In our current, ever connected world, what we find acceptable to reveal to the outside world has changed dramatically. Much of what was considered too intimate to reveal to society in the past, photographically or otherwise, has now been put forth for any and all to see. The current shows of Nan Goldin and Peter Hujar at the Fraenkel Gallery explore the frontiers of what is acceptable to photograph at different points in time, both of them pushing the boundary of what is acceptable to reveal publicly.
Entering the gallery we encounter the ‘Nine Self-Portraits’ show by Nan Goldin. Taken over the last two decades, each of these images is a quiet moment captured by the camera. In one we find Goldin half undressed (In my Hall, Berlin November 2013), revealing to us how her body has aged. In another we see her smoking a cigarette next to an open window where we can see the impact mark from a bird that died hitting it (Shadow of a dead bird in Simon’s window, Stockholm September, 2013).
A third shows only Goldin’s reflection in the window of a moving train, her head and neck hidden in shadow to reveal the passing landscape passing by (Sunset on the train, Berlin-Paris 2012). In a fourth, we find Goldin in an elevator gazing up at the single light illuminating the scene from just outside the image as it casts heavy shadows around the artist (In the elevator at the Bauer, Venice, Italy October 2013).
All of these images display Goldin’s unfearful gaze upon herself, however these works are less confrontational than her earlier work. Each shows a woman who has lived and reveal to us how her body has aged because of time and through the lasting marks of her experiences. They also reveal not only her reflecting upon her life, but also show her contemplating what lies ahead for her. The sense that death is not far away can be felt at the edge of more than one of these self-portraits.
Beyond simple meditations upon the nature of life, Goldin’s self-portraits are documents of what it is to be a woman in late middle age. In a culture that reveres youth and photoshops even the most perfect models to look more beautiful, there is an absence of honest portraits of older women. Goldin could have chosen to make herself up to be as close as possible to the mainstream definition of beautiful. Instead she has chosen to show us herself as she honestly is. Goldin is pointing out to us that women are beautiful even when they have reached middle age. She, among many women in the arts and film, is a major force in pushing society to re-evaluate the value and role of women as they age in our culture.
Turning the corner to enter the rear rooms of the gallery, I came upon the show ‘Peter Hujar: Love & Lust’, which reveals a different aspect of intimacy to us. Photographs of men in the nude, being sexual, and/or erotic have become more acceptable to be seen publicly only in the last decade due to a combination of societal changes. The pervasiveness of porn on the internet, the increased dominance of the fitness culture, and the continued push to bring gay culture into the mainstream, have shifted society’s perceptions of male beauty and identity, making it more acceptable for men to reveal the most intimate sides of themselves.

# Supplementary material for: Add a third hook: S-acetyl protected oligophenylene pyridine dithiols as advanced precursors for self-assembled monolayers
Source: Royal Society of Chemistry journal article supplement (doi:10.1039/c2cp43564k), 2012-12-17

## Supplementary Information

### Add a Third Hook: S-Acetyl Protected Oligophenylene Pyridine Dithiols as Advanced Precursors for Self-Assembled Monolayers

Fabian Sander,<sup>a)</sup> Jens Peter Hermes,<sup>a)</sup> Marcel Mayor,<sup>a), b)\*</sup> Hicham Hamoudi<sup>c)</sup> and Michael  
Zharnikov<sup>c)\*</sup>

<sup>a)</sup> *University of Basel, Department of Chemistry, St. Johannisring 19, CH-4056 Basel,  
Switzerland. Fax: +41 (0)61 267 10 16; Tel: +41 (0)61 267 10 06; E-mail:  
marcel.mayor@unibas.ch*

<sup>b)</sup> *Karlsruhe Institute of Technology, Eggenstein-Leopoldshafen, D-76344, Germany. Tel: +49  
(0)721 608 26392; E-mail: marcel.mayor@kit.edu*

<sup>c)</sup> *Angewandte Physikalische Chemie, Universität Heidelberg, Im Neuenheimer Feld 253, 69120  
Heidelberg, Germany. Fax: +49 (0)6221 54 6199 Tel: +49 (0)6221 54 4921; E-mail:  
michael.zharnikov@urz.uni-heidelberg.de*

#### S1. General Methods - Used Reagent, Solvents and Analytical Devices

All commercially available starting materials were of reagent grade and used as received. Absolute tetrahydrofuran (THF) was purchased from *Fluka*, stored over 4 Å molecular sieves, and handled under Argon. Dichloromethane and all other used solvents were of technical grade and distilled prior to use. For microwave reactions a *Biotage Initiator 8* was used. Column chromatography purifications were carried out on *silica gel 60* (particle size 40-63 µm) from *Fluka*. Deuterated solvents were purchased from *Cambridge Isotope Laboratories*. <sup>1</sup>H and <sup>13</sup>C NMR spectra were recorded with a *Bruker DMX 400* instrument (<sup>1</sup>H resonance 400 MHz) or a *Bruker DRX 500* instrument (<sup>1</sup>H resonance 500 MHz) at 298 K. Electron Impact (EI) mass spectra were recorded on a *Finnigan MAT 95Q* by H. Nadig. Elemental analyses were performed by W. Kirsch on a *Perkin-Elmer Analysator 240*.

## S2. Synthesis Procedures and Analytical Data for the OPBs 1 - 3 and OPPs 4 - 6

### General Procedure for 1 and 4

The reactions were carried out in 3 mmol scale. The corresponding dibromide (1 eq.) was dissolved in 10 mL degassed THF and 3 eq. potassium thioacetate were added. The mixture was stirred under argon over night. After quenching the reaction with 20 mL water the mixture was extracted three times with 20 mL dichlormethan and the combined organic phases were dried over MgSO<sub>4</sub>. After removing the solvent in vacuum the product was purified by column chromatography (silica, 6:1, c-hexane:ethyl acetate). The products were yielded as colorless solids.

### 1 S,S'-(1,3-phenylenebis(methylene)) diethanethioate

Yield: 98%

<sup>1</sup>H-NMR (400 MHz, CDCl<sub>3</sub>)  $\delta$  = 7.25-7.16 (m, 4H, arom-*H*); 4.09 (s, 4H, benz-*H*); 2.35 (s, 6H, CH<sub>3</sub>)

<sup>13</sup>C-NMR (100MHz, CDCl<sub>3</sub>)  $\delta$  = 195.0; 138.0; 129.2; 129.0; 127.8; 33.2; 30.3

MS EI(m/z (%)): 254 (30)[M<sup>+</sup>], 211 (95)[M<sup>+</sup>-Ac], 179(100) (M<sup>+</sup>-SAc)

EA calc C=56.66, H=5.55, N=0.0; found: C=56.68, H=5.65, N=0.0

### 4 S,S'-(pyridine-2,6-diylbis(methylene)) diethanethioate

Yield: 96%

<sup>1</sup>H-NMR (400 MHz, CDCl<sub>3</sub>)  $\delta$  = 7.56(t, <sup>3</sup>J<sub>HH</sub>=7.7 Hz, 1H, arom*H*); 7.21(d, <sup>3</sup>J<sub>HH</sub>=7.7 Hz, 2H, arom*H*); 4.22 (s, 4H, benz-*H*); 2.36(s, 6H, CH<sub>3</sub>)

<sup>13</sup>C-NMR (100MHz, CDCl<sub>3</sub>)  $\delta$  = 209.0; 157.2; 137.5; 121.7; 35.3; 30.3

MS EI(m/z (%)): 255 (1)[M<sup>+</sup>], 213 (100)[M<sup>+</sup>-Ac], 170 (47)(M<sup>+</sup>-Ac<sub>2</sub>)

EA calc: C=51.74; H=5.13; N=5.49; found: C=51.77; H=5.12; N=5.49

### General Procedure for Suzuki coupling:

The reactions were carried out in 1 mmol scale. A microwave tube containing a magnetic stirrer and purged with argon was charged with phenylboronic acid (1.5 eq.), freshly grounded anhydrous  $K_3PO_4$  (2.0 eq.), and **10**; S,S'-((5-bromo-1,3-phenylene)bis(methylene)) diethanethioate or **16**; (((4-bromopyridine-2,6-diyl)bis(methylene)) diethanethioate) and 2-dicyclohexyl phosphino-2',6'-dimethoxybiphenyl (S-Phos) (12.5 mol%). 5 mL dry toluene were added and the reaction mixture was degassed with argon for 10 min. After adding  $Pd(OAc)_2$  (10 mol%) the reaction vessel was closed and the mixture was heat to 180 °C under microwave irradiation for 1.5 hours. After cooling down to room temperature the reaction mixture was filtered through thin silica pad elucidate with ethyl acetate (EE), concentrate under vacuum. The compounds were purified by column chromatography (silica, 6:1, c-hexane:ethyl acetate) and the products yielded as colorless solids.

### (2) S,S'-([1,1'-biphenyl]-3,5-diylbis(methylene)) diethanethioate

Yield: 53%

The works of in the show all date from the 1960s through the 1980s and come from a time when viewing the male body as a sex object was almost unheard of. To photograph men, as Hujar did, in the throes of orgasm, masturbating, on the hunt for their next sexual conquest, or simply being objects of desire, was an act of social transgression so severe that that it could have landed him in jail at the time he took these images.
It is important to note that these photographs, while explicit, are nothing compared to the level of graphic detail that today’s pornography so readily depicts, especially gay pornography. Hujar was very precise in his lighting, the tonalities of his prints, and the angles that he shot from. He was also precise about what he was trying to reveal through his models. In these images Hujar sought more than just the pose or the action. He captured a piece of who that man really was and, on a broader level, one of the most fundamental elements of what it is to be a man. His finished prints are intimate depictions of his subjects and are not simply explicit in the way pornography is.
While the police didn’t show up when these photographs were first shown in 1978, they did cause an uproar with the New York Times critic Gene Thornton, who wrote “there is something disconcerting about the sight of a man’s naked body being presented primarily as a sexual object.”
Thirty five years about being first shown, these images still make people uncomfortable, though less so than before. They retain their transgressive power, not just because of what is being shown, but because they are a landmark in the history of depicting men this way. Hujar, along with Robert Mapplethorpe and others, blazed a trail that has changed the way we depict men today.
While Mapplethorpe went further than Hujar in transgressing social norms, Hujar’s legacy is one of stripping away the artifice of culture and depicting men as the sexual creatures that they really are. It is this unfettered quality that gives his work its honesty and truth, regardless of how difficult that truth may be for some to face.